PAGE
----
GoldForecaster (BENONI) – Many of the leading fund managers in the U.S. and elsewhere are expecting that governments will confiscate their citizen’s gold. This will not be for the same reasons used in 1933. It will be to facilitate loans, swaps lower interest rates, and shore up international confidence in the turbulent, stressed paper-currency world in which we live. Each nation issues paper as money, dependent on the trust that nation can engender at home and abroad. But is this going to be sufficient, moving into an ever more turbulent 2012?
TRADITIONAL USE OF GOLD IN RESERVES
When gold was deemed money in the world under the Gold Standard, money was issued against the stock of gold a nation had -this formed the basis of the money supply. In 1933 as the Depression wreaked damage to the U.S. economy, the government needed to expand the supply of money to the economy, dramatically. The first step was to confiscate their citizens’ gold at a price of $20 per ounce. Two years later in 1935, the U.S. government devalued the dollar by 75% to $35 an ounce. This expanded the U.S. money supply by far more than 75% because of the additional gold in government vaults.
As U.S. influence spread abroad after the war, the need for a vast increase in global money supply and, in particular, the number of dollars outside of the U.S. (then limited to the amount of gold in U.S. coffers) the restraint on money supply was unbearable on the U.S., so it eliminated gold from its active role in the money system and replaced it with the USD, tied as it was to the oil price.
Thereafter, gold was relegated to the vaults as an important but passive, reserve asset. Now, we’re led to believe that central bankers feel that the amount of gold they should carry is either 3-months’ worth of international trade, or between 10 and 15% of total foreign exchange reserves -as though this is all it would take to resolve a crisis. Such formulae test credibility to the limit.
USES OF GOLD IN RECENT YEARS IN THE MONETARY SYSTEM
But in 2011, the use of gold to fund a Eurozone bail-out was raised. In a draft of the European Commission study on joint Eurobonds is the suggestion that gold could be used as collateral for them. It did not receive more than token recognition; the issue, however, was at least addressed in theory. Its use was not related to the expansion of the money supply -the suggestion did not imply any mobility as money at all. A new role for gold in official uses was starting to get recognition.
In 2010, gold was used by the Bank of International Settlements in currency swaps, giving little-to-no information as to the identity of the clients. Over 500 tonnes of gold were used in the currency/gold swaps. These did not relate to practical money raising, but to gold being used as collateral to facilitate cheaper and larger loans to the banks to provide liquidity where it was drying up. The stories came that gold was being used by commercial banks -who don’t hold gold on their balance sheets-but the only place they could get gold from was from central banks. So was it a dire need by commercial banks for liquidity or was it an attempt by central banks to cap the gold price? We might never know…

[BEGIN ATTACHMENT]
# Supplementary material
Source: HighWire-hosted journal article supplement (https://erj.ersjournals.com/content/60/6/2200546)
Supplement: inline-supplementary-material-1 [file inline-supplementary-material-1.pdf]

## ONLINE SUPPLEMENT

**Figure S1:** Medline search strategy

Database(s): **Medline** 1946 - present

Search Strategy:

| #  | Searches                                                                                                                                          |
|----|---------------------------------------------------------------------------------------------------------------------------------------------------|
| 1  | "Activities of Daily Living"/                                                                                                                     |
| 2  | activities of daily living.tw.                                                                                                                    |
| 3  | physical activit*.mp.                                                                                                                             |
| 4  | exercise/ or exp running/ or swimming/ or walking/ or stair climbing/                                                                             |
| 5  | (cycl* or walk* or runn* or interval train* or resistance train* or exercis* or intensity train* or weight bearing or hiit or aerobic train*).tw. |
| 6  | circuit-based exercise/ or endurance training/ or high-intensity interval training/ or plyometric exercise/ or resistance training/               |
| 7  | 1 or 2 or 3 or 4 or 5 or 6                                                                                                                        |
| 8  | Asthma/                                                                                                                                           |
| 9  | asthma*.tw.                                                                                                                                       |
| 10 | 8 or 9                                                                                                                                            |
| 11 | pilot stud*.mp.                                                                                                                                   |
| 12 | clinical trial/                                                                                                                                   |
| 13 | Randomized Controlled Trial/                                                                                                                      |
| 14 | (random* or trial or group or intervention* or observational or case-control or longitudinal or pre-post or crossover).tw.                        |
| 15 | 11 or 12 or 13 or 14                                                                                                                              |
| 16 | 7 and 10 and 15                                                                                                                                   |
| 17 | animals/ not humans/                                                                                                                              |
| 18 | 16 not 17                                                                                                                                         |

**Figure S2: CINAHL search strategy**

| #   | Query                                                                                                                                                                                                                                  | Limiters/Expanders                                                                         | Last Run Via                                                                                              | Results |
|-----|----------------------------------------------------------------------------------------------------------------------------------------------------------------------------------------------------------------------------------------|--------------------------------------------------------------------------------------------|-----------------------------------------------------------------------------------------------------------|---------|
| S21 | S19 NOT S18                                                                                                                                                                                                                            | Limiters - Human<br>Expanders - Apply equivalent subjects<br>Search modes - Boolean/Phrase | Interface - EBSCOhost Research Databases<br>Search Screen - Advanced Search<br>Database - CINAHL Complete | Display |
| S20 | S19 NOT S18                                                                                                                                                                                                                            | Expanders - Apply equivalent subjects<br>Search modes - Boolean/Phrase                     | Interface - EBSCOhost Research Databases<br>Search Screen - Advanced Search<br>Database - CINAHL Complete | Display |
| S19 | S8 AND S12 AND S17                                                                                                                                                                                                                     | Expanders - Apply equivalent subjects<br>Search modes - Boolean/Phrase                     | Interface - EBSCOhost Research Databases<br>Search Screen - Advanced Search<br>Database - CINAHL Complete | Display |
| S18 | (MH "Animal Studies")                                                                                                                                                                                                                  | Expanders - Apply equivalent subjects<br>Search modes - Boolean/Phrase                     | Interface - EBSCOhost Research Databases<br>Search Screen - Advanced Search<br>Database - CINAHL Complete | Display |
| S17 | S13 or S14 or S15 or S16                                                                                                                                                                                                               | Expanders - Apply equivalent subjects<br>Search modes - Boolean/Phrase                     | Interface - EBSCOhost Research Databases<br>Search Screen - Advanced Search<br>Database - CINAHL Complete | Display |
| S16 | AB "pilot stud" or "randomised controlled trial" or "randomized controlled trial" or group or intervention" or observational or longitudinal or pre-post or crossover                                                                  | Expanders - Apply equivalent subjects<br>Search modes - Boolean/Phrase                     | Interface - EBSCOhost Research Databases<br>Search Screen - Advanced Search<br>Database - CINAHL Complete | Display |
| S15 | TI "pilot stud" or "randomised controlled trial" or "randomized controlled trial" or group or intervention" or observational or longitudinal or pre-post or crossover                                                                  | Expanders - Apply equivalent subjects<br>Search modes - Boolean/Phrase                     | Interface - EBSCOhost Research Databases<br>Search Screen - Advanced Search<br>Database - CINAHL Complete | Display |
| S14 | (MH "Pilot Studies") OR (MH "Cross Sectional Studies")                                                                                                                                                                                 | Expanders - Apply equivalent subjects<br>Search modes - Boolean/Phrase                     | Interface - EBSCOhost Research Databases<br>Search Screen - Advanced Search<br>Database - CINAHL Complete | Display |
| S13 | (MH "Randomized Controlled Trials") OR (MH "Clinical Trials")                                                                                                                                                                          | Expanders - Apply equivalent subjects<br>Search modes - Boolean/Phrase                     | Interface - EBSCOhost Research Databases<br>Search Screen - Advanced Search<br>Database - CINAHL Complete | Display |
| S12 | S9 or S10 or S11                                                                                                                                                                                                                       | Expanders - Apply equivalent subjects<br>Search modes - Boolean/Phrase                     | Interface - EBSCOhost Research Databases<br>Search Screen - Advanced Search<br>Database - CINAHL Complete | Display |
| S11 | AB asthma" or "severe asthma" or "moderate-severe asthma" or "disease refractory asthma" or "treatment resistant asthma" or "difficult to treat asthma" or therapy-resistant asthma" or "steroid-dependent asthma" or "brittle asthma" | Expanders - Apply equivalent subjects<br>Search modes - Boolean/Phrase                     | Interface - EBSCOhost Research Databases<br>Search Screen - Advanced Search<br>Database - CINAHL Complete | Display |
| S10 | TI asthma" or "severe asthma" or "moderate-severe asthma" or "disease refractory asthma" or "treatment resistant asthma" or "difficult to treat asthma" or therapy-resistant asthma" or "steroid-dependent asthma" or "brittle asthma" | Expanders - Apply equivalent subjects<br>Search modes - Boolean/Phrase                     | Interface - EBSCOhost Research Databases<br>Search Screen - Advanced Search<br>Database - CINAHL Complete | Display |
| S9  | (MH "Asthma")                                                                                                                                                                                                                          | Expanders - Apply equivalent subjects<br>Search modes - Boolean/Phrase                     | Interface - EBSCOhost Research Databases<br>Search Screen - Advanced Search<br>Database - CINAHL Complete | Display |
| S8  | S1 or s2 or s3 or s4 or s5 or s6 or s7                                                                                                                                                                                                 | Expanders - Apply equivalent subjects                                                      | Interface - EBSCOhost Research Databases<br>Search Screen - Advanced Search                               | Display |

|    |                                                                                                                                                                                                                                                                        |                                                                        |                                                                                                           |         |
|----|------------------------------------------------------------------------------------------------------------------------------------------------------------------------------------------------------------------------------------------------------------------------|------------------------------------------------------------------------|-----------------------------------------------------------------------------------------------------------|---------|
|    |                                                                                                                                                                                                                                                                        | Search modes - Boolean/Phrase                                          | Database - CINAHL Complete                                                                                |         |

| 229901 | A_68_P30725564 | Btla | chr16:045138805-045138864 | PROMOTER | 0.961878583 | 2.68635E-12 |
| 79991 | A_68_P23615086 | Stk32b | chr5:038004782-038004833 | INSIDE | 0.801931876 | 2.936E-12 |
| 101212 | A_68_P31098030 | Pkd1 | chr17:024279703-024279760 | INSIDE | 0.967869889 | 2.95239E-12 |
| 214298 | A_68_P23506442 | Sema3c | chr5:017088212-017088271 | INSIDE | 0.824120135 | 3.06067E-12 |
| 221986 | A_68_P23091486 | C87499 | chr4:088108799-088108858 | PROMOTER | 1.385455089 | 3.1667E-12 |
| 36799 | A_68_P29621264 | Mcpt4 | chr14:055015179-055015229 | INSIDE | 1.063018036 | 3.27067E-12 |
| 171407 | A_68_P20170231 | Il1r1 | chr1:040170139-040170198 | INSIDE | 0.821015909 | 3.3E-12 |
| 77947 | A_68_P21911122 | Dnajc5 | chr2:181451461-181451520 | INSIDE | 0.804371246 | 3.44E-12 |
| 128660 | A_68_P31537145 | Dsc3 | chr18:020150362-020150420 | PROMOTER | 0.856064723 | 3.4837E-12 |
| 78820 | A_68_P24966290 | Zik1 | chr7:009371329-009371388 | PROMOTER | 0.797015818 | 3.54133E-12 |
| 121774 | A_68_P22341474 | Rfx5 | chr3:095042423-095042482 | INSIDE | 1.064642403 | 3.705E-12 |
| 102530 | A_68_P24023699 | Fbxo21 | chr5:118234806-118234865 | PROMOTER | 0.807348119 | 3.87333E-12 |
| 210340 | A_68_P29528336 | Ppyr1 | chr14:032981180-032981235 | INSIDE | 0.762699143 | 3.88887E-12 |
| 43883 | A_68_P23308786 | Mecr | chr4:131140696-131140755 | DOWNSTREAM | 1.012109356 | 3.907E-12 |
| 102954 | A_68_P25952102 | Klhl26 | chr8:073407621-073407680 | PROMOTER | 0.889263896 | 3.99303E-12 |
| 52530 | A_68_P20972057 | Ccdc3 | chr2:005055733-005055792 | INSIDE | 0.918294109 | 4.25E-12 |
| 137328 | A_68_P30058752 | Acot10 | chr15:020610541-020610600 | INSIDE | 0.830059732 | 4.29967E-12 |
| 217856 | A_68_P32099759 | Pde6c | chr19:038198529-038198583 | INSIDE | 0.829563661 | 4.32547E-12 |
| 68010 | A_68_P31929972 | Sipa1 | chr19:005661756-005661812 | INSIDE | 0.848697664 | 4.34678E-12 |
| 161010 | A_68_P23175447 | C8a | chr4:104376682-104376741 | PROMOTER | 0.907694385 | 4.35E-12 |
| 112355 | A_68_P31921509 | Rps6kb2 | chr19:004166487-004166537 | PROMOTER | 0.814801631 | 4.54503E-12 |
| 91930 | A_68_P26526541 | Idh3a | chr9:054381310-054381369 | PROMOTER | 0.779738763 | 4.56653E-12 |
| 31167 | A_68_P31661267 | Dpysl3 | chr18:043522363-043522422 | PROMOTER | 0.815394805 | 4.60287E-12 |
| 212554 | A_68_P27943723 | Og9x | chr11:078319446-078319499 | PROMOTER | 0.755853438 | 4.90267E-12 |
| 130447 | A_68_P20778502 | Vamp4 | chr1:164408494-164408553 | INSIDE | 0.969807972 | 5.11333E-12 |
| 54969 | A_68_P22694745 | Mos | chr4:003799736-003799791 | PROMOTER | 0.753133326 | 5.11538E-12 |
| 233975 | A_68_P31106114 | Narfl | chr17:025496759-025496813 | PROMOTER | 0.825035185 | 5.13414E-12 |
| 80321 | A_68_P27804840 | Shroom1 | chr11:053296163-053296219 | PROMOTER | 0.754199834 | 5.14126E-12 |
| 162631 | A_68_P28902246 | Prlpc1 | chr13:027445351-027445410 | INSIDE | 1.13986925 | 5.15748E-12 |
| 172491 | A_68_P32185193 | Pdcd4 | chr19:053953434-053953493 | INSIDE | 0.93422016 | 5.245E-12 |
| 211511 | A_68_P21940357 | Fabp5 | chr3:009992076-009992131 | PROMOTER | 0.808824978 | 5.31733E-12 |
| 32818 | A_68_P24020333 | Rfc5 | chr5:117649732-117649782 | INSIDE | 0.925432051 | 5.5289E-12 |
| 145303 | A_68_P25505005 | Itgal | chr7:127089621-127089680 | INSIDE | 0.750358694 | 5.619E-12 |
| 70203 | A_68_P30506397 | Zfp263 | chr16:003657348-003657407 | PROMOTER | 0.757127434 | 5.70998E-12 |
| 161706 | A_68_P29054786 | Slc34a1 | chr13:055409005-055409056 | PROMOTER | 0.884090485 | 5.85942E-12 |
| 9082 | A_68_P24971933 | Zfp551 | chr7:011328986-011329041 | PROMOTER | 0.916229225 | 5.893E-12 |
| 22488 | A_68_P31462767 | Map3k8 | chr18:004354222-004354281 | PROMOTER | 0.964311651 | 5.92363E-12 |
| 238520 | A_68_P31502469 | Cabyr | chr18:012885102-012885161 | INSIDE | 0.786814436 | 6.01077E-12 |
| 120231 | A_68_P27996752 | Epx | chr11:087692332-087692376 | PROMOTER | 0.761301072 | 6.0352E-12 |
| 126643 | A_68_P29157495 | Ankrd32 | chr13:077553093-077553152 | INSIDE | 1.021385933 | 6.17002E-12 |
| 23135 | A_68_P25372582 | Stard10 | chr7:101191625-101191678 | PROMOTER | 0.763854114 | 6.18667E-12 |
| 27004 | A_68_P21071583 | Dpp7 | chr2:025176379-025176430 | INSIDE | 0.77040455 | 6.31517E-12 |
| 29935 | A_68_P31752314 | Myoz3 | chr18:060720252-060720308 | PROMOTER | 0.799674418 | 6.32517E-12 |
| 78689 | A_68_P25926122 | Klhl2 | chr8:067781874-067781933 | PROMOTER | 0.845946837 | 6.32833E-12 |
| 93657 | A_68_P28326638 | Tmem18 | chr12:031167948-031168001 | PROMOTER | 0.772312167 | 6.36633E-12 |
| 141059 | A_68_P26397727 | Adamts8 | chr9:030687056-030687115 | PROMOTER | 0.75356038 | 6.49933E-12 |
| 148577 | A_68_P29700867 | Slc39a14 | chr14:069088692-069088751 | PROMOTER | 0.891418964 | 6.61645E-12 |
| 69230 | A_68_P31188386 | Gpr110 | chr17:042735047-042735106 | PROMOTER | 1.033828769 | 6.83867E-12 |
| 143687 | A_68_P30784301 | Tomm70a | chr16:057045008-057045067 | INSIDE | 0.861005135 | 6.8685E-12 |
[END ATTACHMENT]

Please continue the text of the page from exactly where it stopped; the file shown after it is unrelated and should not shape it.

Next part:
But in 2011 these swaps were reversed, and the gold left the B.I.S. in the second half of the year  gold lease rates dropped heavily into negative territory, telling us that central banks were lending gold again to banks at incredibly cheap rates -this coincided with the fall in the gold price from over $1,900 to current levels.
Irrespective of the reasons why, the most important feature of these actions was that gold came into use in the interbank monetary system yet again. And this happened at a time when European central banks had ceased selling their gold and the rest of the world began to steadily increase their central bank holdings.
Despite its passive role the U.S., Eurozone central banks hold nearly 20,000 tonnes of gold -worth nearly a trillion dollars; however and much to politician’s angst, this gold is not available to fund government borrowing; it would contravenes the Maastricht treaty which founded the Eurozone. Gold remains far too important to use in such financing. It will only be used if the very national structure of its money is in danger or in support of making a nation’s monetary system function internationally. But bullion could and is being used as collateral.
For prospective investors (no doubt including emerging market governments, sovereign wealth funds, and the like) the appeal comes from the likely hedge that gold would provide against an immediate default. If a country such as Italy were to default, most believe the price of gold (in Euros and in the USD) would skyrocket…